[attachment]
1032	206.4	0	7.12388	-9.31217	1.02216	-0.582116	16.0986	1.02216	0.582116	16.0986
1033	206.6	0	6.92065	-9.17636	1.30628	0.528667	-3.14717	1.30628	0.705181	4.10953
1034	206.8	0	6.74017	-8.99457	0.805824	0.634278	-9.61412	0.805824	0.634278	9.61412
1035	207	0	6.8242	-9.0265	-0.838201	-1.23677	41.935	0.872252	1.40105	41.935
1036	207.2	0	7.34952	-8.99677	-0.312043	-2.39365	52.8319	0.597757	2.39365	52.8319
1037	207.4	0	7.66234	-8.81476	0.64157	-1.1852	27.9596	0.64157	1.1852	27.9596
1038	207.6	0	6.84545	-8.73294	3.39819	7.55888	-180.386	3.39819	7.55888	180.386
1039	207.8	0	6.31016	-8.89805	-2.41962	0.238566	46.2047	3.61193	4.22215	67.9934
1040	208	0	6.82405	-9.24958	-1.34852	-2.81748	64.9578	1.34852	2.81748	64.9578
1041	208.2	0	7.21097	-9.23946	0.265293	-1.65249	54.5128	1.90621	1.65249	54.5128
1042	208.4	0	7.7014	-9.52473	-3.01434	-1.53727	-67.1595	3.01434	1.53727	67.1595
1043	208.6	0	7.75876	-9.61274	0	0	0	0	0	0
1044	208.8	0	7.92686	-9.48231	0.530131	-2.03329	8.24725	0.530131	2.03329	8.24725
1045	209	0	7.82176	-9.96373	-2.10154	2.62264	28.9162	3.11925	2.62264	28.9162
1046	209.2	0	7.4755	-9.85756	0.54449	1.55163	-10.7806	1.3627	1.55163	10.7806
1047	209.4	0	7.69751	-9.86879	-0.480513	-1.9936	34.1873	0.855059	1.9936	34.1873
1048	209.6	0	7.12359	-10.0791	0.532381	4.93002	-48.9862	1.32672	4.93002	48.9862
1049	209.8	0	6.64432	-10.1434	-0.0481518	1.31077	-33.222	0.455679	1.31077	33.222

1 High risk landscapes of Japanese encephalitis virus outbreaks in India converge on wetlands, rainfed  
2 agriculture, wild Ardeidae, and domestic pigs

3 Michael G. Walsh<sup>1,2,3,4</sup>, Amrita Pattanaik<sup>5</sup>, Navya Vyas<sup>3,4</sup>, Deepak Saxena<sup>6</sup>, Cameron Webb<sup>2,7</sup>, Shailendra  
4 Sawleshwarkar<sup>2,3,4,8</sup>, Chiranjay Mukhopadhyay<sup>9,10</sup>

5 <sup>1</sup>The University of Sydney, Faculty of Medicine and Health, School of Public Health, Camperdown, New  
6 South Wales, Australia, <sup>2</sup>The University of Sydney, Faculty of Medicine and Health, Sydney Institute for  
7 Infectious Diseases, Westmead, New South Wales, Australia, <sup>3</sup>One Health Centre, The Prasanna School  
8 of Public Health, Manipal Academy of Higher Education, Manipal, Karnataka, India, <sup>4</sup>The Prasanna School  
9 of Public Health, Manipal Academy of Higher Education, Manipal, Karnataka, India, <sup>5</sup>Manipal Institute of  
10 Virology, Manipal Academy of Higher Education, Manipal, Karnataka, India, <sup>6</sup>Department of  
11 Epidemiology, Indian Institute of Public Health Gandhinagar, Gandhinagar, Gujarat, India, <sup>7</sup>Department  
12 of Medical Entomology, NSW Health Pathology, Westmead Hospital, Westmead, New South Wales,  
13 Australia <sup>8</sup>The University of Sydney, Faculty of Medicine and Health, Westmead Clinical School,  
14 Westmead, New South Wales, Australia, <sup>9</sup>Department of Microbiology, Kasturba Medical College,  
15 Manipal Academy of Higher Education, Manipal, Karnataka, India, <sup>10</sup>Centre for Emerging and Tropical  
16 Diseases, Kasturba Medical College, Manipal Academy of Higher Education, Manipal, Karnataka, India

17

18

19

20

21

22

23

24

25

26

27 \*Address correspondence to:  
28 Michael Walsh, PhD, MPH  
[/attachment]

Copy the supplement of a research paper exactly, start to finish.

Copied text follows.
1032	206.4	0	7.12388	-9.31217	1.02216	-0.582116	16.0986	1.02216	0.582116	16.0986
1033	206.6	0	6.92065	-9.17636	1.30628	0.528667	-3.14717	1.30628	0.705181	4.10953
1034	206.8	0	6.74017	-8.99457	0.805824	0.634278	-9.61412	0.805824	0.634278	9.61412
1035	207	0	6.8242	-9.0265	-0.838201	-1.23677	41.935	0.872252	1.40105	41.935
1036	207.2	0	7.34952	-8.99677	-0.312043	-2.39365	52.8319	0.597757	2.39365	52.8319
1037	207.4	0	7.66234	-8.81476	0.64157	-1.1852	27.9596	0.64157	1.1852	27.9596
1038	207.6	0	6.84545	-8.73294	3.39819	7.55888	-180.386	3.39819	7.55888	180.386
1039	207.8	0	6.31016	-8.89805	-2.41962	0.238566	46.2047	3.61193	4.22215	67.9934
1040	208	0	6.82405	-9.24958	-1.34852	-2.81748	64.9578	1.34852	2.81748	64.9578
1041	208.2	0	7.21097	-9.23946	0.265293	-1.65249	54.5128	1.90621	1.65249	54.5128
1042	208.4	0	7.7014	-9.52473	-3.01434	-1.53727	-67.1595	3.01434	1.53727	67.1595
1043	208.6	0	7.75876	-9.61274	0	0	0	0	0	0
1044	208.8	0	7.92686	-9.48231	0.530131	-2.03329	8.24725	0.530131	2.03329	8.24725
1045	209	0	7.82176	-9.96373	-2.10154	2.62264	28.9162	3.11925	2.62264	28.9162
1046	209.2	0	7.4755	-9.85756	0.54449	1.55163	-10.7806	1.3627	1.55163	10.7806
1047	209.4	0	7.69751	-9.86879	-0.480513	-1.9936	34.1873	0.855059	1.9936	34.1873
1048	209.6	0	7.12359	-10.0791	0.532381	4.93002	-48.9862	1.32672	4.93002	48.9862
1049	209.8	0	6.64432	-10.1434	-0.0481518	1.31077	-33.222	0.455679	1.31077	33.222

1 High risk landscapes of Japanese encephalitis virus outbreaks in India converge on wetlands, rainfed  
2 agriculture, wild Ardeidae, and domestic pigs

3 Michael G. Walsh<sup>1,2,3,4</sup>, Amrita Pattanaik<sup>5</sup>, Navya Vyas<sup>3,4</sup>, Deepak Saxena<sup>6</sup>, Cameron Webb<sup>2,7</sup>, Shailendra  
4 Sawleshwarkar<sup>2,3,4,8</sup>, Chiranjay Mukhopadhyay<sup>9,10</sup>

5 <sup>1</sup>The University of Sydney, Faculty of Medicine and Health, School of Public Health, Camperdown, New  
6 South Wales, Australia, <sup>2</sup>The University of Sydney, Faculty of Medicine and Health, Sydney Institute for  
7 Infectious Diseases, Westmead, New South Wales, Australia, <sup>3</sup>One Health Centre, The Prasanna School  
8 of Public Health, Manipal Academy of Higher Education, Manipal, Karnataka, India, <sup>4</sup>The Prasanna School  
9 of Public Health, Manipal Academy of Higher Education, Manipal, Karnataka, India, <sup>5</sup>Manipal Institute of  
10 Virology, Manipal Academy of Higher Education, Manipal, Karnataka, India, <sup>6</sup>Department of  
11 Epidemiology, Indian Institute of Public Health Gandhinagar, Gandhinagar, Gujarat, India, <sup>7</sup>Department  
12 of Medical Entomology, NSW Health Pathology, Westmead Hospital, Westmead, New South Wales,  
13 Australia <sup>8</sup>The University of Sydney, Faculty of Medicine and Health, Westmead Clinical School,  
14 Westmead, New South Wales, Australia, <sup>9</sup>Department of Microbiology, Kasturba Medical College,  
15 Manipal Academy of Higher Education, Manipal, Karnataka, India, <sup>10</sup>Centre for Emerging and Tropical  
16 Diseases, Kasturba Medical College, Manipal Academy of Higher Education, Manipal, Karnataka, India

17

18

19

20

21

22

23

24

25

26

27 \*Address correspondence to:  
28 Michael Walsh, PhD, MPH  